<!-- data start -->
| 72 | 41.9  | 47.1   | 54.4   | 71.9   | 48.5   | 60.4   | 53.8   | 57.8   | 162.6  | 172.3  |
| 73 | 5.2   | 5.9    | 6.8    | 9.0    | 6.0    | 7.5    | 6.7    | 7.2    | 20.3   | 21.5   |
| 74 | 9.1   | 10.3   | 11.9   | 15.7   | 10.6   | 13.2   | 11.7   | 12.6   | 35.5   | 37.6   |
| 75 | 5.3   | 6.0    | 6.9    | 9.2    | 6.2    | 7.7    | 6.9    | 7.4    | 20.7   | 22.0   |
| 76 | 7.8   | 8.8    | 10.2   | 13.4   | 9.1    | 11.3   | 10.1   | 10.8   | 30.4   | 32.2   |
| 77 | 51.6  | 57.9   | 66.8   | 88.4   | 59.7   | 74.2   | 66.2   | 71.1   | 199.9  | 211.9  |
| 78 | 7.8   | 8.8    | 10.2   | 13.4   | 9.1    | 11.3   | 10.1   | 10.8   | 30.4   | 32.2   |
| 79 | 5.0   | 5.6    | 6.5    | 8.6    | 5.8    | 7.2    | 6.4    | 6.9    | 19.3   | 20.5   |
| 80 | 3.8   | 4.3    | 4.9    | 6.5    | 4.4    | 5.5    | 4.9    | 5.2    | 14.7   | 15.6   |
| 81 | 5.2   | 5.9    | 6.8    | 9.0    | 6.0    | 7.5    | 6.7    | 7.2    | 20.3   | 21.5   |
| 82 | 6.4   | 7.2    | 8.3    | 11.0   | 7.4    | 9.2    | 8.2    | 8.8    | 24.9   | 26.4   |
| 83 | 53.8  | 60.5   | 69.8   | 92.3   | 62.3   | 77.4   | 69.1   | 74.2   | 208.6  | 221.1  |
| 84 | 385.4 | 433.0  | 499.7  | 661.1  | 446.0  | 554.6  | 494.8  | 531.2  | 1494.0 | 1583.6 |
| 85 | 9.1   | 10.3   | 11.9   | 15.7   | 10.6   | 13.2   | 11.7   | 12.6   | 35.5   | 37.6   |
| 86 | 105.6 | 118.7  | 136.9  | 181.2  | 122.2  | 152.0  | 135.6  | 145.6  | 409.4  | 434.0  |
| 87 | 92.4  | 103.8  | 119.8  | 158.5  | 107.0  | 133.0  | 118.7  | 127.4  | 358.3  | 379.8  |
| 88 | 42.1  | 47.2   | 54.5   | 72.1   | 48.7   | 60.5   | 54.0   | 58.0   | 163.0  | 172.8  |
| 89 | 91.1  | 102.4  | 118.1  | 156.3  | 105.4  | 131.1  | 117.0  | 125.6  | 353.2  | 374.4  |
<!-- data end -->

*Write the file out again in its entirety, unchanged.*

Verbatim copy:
| 72 | 41.9  | 47.1   | 54.4   | 71.9   | 48.5   | 60.4   | 53.8   | 57.8   | 162.6  | 172.3  |
| 73 | 5.2   | 5.9    | 6.8    | 9.0    | 6.0    | 7.5    | 6.7    | 7.2    | 20.3   | 21.5   |
| 74 | 9.1   | 10.3   | 11.9   | 15.7   | 10.6   | 13.2   | 11.7   | 12.6   | 35.5   | 37.6   |
| 75 | 5.3   | 6.0    | 6.9    | 9.2    | 6.2    | 7.7    | 6.9    | 7.4    | 20.7   | 22.0   |
| 76 | 7.8   | 8.8    | 10.2   | 13.4   | 9.1    | 11.3   | 10.1   | 10.8   | 30.4   | 32.2   |
| 77 | 51.6  | 57.9   | 66.8   | 88.4   | 59.7   | 74.2   | 66.2   | 71.1   | 199.9  | 211.9  |
| 78 | 7.8   | 8.8    | 10.2   | 13.4   | 9.1    | 11.3   | 10.1   | 10.8   | 30.4   | 32.2   |
| 79 | 5.0   | 5.6    | 6.5    | 8.6    | 5.8    | 7.2    | 6.4    | 6.9    | 19.3   | 20.5   |
| 80 | 3.8   | 4.3    | 4.9    | 6.5    | 4.4    | 5.5    | 4.9    | 5.2    | 14.7   | 15.6   |
| 81 | 5.2   | 5.9    | 6.8    | 9.0    | 6.0    | 7.5    | 6.7    | 7.2    | 20.3   | 21.5   |
| 82 | 6.4   | 7.2    | 8.3    | 11.0   | 7.4    | 9.2    | 8.2    | 8.8    | 24.9   | 26.4   |
| 83 | 53.8  | 60.5   | 69.8   | 92.3   | 62.3   | 77.4   | 69.1   | 74.2   | 208.6  | 221.1  |
| 84 | 385.4 | 433.0  | 499.7  | 661.1  | 446.0  | 554.6  | 494.8  | 531.2  | 1494.0 | 1583.6 |
| 85 | 9.1   | 10.3   | 11.9   | 15.7   | 10.6   | 13.2   | 11.7   | 12.6   | 35.5   | 37.6   |
| 86 | 105.6 | 118.7  | 136.9  | 181.2  | 122.2  | 152.0  | 135.6  | 145.6  | 409.4  | 434.0  |
| 87 | 92.4  | 103.8  | 119.8  | 158.5  | 107.0  | 133.0  | 118.7  | 127.4  | 358.3  | 379.8  |
| 88 | 42.1  | 47.2   | 54.5   | 72.1   | 48.7   | 60.5   | 54.0   | 58.0   | 163.0  | 172.8  |
| 89 | 91.1  | 102.4  | 118.1  | 156.3  | 105.4  | 131.1  | 117.0  | 125.6  | 353.2  | 374.4  |